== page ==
Always remember that each offers different experiences for the shopper and, as a designer, it’s your job to make sure that your customer has options and should be able to buy in any way he/she wants to. Be there, don’t make them come looking for you.
Being in the apparel industry over the last decade its interesting to see the changes.
The BIGGEST problem with selling wholesale to online vendors is the typical lack of purchase orders. This means holding inventory and it is hard to fund. We have been providing finance for this strategy and I only see it growing.
This was a really useful post. I started off with wholesale but for branding purposes I needed to create and online channel. I think using affiliate shopping sites like the Fancy and Svypply to divert traffic to my own site will be key. I have paid a lot of attention to photography – it has to be stunning – advice from many many successful online fashion entrepreneurs. I won’t go the brick and mortar route unless its short term. Unless you have a reasonably stable revenue investing in those overheads dont make sense.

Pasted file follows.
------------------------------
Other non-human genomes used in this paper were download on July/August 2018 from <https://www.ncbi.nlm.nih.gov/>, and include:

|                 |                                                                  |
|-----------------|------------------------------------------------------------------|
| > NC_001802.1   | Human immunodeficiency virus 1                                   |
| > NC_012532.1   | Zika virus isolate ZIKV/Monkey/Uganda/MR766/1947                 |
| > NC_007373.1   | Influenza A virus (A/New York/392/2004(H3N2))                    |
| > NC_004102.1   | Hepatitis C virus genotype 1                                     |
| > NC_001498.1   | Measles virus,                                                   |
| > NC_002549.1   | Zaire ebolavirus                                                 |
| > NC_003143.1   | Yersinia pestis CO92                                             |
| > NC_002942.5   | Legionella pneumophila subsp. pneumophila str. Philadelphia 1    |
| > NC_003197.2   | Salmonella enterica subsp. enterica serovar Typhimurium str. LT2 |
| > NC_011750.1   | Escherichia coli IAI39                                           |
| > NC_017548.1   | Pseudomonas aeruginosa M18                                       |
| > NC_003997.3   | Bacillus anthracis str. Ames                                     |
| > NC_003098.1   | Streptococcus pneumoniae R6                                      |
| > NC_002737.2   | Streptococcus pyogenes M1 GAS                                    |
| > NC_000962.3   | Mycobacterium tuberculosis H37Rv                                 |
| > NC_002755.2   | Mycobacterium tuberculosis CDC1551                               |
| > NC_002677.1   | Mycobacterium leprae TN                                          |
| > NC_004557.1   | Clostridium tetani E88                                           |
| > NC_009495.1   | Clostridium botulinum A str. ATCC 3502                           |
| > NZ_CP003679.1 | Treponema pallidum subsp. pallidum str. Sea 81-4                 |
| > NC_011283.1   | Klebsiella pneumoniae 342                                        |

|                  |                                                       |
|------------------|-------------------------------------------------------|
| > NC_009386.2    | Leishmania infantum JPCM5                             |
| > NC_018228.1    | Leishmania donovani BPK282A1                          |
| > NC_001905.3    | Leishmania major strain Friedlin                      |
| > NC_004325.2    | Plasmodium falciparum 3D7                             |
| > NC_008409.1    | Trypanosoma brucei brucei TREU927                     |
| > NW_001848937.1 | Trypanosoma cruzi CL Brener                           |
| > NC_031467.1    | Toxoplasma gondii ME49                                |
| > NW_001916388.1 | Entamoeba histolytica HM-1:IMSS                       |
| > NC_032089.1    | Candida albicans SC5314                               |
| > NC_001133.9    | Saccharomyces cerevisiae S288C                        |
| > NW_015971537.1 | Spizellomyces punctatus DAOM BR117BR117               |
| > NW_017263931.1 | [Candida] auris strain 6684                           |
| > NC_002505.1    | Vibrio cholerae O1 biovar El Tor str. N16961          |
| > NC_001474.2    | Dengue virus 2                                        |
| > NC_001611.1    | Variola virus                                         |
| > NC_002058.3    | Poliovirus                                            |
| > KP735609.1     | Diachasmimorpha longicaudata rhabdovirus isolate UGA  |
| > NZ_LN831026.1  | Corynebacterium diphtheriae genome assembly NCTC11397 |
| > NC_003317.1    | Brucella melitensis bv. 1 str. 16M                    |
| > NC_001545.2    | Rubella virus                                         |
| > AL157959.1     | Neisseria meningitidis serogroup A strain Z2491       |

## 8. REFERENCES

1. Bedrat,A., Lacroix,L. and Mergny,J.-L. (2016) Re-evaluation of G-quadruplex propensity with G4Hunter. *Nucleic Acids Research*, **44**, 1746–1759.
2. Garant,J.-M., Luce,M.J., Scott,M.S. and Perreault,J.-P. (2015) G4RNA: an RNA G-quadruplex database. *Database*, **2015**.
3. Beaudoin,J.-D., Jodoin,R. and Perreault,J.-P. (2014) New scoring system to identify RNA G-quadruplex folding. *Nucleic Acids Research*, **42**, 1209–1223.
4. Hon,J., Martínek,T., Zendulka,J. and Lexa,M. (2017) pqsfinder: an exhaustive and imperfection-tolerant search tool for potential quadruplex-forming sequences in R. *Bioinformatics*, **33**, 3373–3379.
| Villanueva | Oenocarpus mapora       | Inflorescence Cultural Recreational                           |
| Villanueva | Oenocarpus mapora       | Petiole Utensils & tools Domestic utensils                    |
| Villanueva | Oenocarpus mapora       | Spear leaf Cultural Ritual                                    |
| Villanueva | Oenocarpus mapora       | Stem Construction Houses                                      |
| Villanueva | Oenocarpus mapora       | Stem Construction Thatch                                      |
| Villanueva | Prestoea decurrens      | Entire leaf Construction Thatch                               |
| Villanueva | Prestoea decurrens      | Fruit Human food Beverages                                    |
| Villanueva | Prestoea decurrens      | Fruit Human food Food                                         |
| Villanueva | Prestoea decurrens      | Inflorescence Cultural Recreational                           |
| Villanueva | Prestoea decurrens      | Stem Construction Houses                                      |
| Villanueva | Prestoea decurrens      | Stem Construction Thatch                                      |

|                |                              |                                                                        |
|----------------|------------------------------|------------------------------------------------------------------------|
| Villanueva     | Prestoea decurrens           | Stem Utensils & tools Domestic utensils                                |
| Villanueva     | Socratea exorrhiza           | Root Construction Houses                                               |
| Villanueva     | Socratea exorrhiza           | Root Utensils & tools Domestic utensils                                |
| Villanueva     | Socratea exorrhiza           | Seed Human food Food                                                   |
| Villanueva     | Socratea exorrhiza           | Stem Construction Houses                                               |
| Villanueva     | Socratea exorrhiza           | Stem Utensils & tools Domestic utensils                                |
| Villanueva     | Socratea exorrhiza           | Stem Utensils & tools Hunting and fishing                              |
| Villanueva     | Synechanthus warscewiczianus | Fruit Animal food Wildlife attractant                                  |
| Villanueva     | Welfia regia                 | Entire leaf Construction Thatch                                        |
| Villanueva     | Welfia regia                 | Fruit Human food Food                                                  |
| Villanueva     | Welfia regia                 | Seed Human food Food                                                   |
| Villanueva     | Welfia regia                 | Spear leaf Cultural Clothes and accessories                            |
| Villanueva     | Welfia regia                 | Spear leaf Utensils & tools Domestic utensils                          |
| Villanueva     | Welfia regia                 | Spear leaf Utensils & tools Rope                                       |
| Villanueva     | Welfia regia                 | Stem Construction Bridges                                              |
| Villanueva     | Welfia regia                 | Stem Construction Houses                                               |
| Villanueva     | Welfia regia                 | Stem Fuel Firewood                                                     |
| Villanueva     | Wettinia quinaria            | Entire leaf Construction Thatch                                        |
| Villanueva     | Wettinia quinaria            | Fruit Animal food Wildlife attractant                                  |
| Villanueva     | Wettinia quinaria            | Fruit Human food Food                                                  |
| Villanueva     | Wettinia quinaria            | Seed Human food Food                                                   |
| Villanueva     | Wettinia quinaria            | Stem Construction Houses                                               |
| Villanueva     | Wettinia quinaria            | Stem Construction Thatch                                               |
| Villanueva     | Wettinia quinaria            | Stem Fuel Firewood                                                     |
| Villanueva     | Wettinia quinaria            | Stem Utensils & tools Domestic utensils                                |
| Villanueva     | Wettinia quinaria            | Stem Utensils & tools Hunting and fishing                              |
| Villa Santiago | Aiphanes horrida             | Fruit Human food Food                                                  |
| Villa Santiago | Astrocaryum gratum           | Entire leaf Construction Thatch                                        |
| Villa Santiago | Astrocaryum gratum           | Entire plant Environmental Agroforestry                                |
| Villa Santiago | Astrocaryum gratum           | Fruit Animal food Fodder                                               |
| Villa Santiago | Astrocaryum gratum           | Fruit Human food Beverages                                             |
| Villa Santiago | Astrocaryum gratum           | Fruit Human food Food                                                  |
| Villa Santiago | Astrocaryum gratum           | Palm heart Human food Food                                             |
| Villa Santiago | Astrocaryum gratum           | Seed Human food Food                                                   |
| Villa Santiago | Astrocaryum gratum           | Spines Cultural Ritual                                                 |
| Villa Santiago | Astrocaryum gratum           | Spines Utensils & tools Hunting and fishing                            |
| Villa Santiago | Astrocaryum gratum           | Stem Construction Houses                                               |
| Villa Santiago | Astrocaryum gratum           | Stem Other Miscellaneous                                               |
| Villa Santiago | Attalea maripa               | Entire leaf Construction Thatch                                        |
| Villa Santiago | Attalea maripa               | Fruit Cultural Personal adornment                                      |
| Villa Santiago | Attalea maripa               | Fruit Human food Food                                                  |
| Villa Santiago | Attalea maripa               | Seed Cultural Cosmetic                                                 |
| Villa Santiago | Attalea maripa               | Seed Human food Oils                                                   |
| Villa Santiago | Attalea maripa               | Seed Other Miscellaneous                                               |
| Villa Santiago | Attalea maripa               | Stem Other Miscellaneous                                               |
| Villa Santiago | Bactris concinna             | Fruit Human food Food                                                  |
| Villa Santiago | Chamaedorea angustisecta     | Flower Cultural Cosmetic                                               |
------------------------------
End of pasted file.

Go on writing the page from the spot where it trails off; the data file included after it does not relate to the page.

I think this depends on the product. I make unique, eco-friendly handbags woven with recycled plastic bags. I have found they sell best when people can actually see them and hold them. They are thrilled when they find out that the beautiful bag they are considering buying is made from Home Depot or supermarket bags. No matter how good the photos are on my website, it doesn’t translate as well and looses some of the WOW factor. I also have found successful selling thru the website takes alot of time and attention to social media which is a full time job itself.
The more I think about it, the more i realize how it truly is a balance. Creating product to sell on multiple platforms and constantly thinking about how to make each offering special.
A challenge for sure!
Balance is key, the difficult thing for small labels to sell online is to drive traffic to their own online store, consumers need to know your brand before going direct to your store, so you need to build an online customer base through social media and bloggers etc etc.
Brick and Mortar accounts are crucial to small fashion labels. Because they normally have very loyal customers or have good foot traffic that may buy your product (If its good and priced appropriately).
Selling to Online Stockists, they can be good too, but again online shopper are generally more price conscious, unless your product is unique or stands out, or its strong brand, online consumers can immediately compare prices and go for the cheaper item.
So really it doesn’t matter where you sell online or bricks and mortar, its still about the product and pr.